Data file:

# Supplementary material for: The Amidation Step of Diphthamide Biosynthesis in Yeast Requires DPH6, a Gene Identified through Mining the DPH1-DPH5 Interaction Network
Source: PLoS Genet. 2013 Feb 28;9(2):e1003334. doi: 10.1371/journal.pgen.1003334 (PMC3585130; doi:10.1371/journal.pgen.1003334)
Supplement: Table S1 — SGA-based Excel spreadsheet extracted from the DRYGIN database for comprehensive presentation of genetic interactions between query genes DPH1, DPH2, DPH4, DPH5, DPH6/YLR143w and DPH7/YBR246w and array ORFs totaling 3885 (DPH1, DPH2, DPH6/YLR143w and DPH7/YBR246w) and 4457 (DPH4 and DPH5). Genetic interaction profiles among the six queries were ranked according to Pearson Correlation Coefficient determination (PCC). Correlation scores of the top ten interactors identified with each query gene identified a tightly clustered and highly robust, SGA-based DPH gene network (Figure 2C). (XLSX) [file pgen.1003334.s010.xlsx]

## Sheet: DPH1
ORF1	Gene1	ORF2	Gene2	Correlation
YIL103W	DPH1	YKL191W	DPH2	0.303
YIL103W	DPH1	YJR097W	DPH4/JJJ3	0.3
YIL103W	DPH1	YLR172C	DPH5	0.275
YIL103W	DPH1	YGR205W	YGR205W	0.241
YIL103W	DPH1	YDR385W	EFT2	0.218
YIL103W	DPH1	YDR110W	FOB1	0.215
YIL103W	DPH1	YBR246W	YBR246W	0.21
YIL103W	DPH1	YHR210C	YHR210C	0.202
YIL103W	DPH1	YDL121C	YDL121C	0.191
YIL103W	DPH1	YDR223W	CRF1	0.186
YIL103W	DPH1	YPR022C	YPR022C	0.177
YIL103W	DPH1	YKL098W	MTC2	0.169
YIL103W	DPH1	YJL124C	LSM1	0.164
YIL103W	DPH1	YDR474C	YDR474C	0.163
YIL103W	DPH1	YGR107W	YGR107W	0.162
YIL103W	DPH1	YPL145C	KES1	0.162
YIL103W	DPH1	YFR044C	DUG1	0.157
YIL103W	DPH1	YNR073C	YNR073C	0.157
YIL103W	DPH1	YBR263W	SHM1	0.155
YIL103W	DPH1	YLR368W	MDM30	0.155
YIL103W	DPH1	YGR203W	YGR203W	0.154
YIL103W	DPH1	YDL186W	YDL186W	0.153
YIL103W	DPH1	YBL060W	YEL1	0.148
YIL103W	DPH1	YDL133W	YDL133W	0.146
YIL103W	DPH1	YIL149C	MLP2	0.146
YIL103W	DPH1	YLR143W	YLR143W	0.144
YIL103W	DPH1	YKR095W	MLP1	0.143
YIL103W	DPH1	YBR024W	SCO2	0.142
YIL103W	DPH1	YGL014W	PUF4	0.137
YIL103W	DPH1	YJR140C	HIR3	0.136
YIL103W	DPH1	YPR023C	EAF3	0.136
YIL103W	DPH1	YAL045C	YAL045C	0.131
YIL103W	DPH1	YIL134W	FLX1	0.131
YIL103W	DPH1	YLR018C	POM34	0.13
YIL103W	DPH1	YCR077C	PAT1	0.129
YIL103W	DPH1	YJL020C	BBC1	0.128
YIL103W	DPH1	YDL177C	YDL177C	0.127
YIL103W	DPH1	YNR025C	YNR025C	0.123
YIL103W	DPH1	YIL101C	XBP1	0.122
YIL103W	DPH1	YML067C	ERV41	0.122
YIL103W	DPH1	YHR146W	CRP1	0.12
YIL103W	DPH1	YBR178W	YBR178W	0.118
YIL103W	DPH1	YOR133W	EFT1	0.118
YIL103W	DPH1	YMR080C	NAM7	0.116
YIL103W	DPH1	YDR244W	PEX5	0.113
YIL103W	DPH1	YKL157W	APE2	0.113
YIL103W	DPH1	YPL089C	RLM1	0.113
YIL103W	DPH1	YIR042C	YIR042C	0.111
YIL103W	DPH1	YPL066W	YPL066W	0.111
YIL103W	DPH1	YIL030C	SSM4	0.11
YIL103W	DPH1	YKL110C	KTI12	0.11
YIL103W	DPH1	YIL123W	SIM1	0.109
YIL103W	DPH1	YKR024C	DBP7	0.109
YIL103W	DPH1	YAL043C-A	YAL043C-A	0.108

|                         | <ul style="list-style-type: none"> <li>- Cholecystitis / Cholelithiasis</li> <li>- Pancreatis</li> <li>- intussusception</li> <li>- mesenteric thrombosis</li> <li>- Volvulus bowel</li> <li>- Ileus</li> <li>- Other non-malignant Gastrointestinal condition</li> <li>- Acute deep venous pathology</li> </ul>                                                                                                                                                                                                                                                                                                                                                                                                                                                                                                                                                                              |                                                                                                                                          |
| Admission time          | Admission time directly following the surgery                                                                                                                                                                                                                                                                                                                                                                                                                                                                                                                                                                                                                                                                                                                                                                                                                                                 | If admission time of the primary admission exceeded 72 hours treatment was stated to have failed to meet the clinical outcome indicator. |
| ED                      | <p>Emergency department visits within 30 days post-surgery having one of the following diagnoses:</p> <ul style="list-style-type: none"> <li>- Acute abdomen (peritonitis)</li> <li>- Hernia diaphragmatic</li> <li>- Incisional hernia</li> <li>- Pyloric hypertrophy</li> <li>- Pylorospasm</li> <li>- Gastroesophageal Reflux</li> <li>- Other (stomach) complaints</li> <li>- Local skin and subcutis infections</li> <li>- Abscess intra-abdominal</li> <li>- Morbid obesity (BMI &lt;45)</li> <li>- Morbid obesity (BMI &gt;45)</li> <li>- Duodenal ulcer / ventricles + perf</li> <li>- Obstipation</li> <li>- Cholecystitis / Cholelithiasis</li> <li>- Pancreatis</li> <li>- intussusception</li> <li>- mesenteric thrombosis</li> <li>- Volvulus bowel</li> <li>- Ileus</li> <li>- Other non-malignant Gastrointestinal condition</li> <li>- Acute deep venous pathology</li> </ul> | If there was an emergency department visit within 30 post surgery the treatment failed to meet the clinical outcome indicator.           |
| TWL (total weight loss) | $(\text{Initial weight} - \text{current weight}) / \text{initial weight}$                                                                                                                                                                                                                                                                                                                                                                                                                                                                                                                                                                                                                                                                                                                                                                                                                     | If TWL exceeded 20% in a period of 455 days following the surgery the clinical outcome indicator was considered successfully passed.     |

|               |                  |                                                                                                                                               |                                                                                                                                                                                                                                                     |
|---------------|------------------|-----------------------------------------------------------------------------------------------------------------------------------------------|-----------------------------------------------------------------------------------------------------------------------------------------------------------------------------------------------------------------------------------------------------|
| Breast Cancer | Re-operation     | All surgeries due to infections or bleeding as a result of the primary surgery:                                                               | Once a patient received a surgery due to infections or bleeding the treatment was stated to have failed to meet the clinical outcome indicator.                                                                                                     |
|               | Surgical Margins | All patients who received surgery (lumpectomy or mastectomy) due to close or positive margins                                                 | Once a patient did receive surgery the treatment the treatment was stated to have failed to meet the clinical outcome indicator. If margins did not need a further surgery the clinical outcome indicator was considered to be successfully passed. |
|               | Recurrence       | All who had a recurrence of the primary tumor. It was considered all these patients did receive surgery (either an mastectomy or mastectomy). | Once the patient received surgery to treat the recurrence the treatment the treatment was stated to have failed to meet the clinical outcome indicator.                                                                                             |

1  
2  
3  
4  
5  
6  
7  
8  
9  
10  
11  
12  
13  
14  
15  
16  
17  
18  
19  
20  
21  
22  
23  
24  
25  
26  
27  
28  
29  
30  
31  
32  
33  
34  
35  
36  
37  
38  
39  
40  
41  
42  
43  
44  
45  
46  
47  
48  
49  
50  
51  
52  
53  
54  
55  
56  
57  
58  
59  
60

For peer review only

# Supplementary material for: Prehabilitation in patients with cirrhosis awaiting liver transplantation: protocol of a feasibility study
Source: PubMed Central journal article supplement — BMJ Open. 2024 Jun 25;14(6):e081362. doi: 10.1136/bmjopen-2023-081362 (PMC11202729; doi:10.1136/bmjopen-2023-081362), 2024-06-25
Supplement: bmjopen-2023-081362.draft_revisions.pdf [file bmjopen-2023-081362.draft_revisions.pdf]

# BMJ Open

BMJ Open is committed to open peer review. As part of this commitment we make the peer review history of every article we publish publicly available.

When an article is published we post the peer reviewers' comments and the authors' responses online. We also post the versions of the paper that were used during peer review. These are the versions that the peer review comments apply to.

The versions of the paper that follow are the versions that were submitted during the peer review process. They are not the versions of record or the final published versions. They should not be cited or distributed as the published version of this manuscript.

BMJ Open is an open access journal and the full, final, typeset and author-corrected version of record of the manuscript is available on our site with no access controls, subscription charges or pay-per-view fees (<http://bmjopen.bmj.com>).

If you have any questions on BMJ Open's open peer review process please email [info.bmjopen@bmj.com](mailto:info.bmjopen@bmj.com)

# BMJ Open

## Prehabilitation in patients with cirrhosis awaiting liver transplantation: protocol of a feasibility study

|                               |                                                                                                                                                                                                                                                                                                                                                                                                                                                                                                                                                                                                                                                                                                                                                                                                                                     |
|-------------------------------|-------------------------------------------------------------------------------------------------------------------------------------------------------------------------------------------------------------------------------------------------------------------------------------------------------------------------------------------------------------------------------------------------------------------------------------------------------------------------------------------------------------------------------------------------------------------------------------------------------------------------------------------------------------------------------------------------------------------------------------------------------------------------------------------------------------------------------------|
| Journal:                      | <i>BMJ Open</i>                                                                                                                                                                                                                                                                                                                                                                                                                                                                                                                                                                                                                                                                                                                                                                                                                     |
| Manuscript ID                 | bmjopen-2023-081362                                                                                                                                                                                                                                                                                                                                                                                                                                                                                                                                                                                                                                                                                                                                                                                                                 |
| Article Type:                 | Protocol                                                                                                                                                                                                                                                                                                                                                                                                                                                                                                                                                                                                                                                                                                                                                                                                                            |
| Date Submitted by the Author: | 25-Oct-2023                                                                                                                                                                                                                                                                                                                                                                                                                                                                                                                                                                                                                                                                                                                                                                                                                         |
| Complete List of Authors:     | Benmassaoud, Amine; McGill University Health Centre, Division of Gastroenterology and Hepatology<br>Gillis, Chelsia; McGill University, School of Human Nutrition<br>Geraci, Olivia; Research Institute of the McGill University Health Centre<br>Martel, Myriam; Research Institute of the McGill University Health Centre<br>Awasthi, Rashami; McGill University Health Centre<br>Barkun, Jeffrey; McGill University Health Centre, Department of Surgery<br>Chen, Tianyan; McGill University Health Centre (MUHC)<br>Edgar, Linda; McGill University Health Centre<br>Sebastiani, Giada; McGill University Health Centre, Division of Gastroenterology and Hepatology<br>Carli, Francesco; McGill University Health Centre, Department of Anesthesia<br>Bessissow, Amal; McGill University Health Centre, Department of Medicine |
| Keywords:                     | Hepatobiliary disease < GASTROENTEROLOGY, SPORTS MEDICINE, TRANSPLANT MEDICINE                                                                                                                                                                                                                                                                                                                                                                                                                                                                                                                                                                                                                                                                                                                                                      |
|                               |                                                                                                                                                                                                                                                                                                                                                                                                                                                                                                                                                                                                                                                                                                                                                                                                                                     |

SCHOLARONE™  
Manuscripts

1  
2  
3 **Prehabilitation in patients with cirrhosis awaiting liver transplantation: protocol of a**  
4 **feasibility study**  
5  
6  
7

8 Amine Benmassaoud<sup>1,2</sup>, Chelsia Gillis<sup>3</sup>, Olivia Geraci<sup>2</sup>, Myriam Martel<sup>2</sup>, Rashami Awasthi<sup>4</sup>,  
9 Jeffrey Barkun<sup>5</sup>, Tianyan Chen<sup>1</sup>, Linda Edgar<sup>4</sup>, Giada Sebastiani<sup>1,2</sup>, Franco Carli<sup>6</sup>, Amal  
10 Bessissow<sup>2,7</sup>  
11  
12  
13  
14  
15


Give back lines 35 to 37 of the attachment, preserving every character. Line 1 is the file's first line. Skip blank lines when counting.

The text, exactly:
YIL103W	DPH1	YJR140C	HIR3	0.136
YIL103W	DPH1	YPR023C	EAF3	0.136
YIL103W	DPH1	YAL045C	YAL045C	0.131